Sunday, June 26, 2016

Keeping notes and letters about Marcy

When my daughter died, I received so many cards and letters of support in the mail. It was suggested to me that I keep them all and make a folio of them to look back on. I thought it a good idea and set to work diligently to make it happen. I am the type of person once I get something in my mind to do and I like the idea, it’s a done deal! Perhaps doing something like this would work for you and be something nice to look back on.

I felt most of the notes and letters were very powerful, telling a story of Marcy that even I didn’t know…how she was the one who held people together, how she was the one who helped those in need, how she was the one who lent a hand of kindness to all who were close to her, how she was a great leader and organizer, how she was like a sister to all and had a big heart and constant smile…

One friend remembers the spaghetti face kid, sitting in her high chair, covered with spaghetti, as was the entire kitchen. She was so proud of what she had done. Her little face displayed pride and humor. Even at that young age, she knew what she was doing. She did it well, she did it with humor and she did it with excellence, perfection and character. 

Another friend told a funny story about her engagement ring. “I just made him take me to Tiffany’s first and then every place else seemed so reasonable!” A parent of one of her friends had to tell me that on the day of the L.A. earthquake in ’94, Marcy called the mother to tell her not to worry, her daughter was on the east coast. The mother thought that was so sweet of her to do when she should have been worried about her own safety.

A couple of other examples of letters received included some people who celebrated Marcy’s life by going out to her favorite places, lighting candles at the accident site, and bringing flowers. Others said how much they learned from her about living life to the fullest and enjoying every minute of it. One friend said she liked to think that Marcy’s supreme logic will continue to guide her through life and that, as she writes this note, she knows Marcy is in a wonderful place—probably finding a fourth for tennis.

Some people sent photos of themselves with Marcy at parties, on trips and at work. Her energy kept everyone going at work, writes another and she was never afraid to try anything new. Her enthusiastic ways, leadership qualities, positive attitude and generosity of spirit were admired by all.

All these notes and letters were at first a comfort, and a realization I had a great kid. They inspired me to write my first book on surviving grief. I used a few of the comments to emphasize her personality and all her goodness. I now know that her life had great meaning, that she had many friends and that in death she would always be remembered. Her boss from where she worked said it best, “If you were a friend of Marcy’s, you were a friend for life.”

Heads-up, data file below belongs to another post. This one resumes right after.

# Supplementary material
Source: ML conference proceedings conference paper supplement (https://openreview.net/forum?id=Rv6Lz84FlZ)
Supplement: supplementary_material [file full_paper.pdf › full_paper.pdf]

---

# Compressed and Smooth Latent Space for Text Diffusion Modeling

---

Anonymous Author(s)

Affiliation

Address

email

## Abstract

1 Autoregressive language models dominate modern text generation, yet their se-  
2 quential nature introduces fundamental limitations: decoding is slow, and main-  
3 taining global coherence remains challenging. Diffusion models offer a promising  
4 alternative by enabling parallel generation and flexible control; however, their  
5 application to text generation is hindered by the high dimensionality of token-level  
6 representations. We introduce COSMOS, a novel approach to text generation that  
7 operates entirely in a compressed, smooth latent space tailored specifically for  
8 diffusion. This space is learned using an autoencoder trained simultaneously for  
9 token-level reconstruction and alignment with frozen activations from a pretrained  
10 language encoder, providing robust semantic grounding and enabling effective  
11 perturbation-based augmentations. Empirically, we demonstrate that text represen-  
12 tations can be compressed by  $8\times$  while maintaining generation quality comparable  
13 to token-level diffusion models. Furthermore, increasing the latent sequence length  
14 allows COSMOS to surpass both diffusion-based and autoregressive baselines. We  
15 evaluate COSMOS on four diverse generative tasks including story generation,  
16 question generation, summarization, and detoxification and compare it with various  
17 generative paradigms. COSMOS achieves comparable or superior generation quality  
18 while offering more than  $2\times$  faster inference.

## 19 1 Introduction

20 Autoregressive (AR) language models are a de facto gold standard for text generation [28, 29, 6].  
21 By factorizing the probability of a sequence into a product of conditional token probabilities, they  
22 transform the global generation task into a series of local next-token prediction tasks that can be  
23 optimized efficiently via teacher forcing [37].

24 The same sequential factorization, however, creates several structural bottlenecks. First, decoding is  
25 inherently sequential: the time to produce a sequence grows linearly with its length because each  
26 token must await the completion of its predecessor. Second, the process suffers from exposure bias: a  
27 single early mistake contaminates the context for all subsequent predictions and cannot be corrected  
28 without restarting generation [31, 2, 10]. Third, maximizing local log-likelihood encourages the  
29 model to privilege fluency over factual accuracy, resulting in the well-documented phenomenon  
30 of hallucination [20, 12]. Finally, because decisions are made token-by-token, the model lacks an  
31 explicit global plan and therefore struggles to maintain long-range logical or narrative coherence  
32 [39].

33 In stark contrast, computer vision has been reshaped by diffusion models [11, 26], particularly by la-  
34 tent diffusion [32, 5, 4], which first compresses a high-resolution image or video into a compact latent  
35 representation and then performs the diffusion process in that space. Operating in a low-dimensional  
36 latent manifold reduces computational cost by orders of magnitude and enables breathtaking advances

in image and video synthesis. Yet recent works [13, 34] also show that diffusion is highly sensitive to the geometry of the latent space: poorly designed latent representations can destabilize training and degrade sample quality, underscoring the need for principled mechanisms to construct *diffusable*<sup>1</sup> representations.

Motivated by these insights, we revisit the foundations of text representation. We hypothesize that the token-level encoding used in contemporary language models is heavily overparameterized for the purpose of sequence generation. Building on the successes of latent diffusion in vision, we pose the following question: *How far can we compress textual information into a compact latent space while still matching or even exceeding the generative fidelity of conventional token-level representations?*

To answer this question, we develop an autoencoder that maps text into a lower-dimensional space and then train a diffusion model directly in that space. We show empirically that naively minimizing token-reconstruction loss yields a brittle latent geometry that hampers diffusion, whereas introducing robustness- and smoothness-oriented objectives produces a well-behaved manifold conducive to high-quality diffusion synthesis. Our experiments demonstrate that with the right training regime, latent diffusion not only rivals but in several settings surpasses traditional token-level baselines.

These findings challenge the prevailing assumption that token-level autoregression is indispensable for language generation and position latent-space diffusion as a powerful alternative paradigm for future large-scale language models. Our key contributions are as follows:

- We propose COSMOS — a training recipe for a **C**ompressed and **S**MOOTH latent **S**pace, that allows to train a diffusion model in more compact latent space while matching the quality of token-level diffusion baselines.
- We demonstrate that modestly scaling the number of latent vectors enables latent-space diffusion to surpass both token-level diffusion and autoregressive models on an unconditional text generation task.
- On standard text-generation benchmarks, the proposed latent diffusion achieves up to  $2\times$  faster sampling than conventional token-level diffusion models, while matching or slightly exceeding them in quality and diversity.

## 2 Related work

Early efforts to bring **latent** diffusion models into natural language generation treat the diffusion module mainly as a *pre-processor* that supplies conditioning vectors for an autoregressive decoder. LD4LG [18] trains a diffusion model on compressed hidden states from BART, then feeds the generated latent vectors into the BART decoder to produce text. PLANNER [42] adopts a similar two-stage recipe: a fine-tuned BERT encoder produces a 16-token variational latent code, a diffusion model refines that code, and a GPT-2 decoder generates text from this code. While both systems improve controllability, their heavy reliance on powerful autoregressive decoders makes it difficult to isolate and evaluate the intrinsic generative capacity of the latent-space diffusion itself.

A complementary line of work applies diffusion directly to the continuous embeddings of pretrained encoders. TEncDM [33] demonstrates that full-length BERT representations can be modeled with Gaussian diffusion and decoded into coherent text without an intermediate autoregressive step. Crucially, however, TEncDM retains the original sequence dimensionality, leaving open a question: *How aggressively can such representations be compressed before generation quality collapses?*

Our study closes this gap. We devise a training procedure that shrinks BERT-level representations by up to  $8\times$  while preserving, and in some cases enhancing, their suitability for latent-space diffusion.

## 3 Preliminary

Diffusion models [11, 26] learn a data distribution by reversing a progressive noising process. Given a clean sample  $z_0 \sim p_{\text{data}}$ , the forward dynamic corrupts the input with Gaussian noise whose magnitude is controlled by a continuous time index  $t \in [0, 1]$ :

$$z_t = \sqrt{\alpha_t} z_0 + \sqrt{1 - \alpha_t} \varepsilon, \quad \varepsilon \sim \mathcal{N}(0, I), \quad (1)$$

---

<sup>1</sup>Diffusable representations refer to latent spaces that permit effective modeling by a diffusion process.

Sunday, June 19, 2016

Orlando Thoughts

As I watched another tragedy unfold, this time in Orlando, FL, I feel for the families of the victims. I know what it’s like to lose a child; in my case, it was a car accident. Like a murder, it’s sudden, it’s unthinkable, it’s unbearable, like any tragic death. I watch the news everyday and my heart goes out to the families and friends of the victims, as it does in any sudden death.

 I remember saying to my loved ones when Marcy died, “What a waste of a beautiful life. What a waste.” I remember repeating that over and over for the first few months as I dealt with the trauma and then year after year as I move on with my life, never forgetting what happened, how a split second could have made all the difference. Why was this driver going 70 mph and swerving through a residential area with no thought of the consequences? Why my daughter? She died instantly; at least she didn’t suffer. I doubt we can say that about most of the Orlando shootings.

As each day of the reports of identifying the dead and injured goes by, many are recovering. Others are not so lucky. I know exactly what these parents are facing now and for the rest of their lives. It will never be over. They will never forget what happened to their loved one, nor will they ever forget their child. It all becomes part of their being that they will learn to live with year after year.

Learning about those at the nightclub (most of them between 20-35 years old) is important to me. I want to know who they were, where they came from, how they lived their lives. I want to put a face to each story. As a former newspaper reporter, I have always been curious about people, always wanting to understand others, so that I can help them wherever possible.

Some families and relatives will need the help of specialists and counselors to get through this, and I hope they get the help they will need. Some things they can do for themselves include: seeking out a grief support group, try online support at, talk with friends, family or clergy about how this has affected them, exercise daily, and eat three meals a day for strength and good health.

I grieve for all of Orlando involved in this shooting. Know that there is hope after loss and each person will eventually find theirs.

Sunday, June 12, 2016

My Gratitude list

Most of us are grateful for many things in our life. Here are 20 of mine right off the top of my head. I'm sure you can think of many more as you consider the meaning of your life and how all these things helped you to heal from your grief.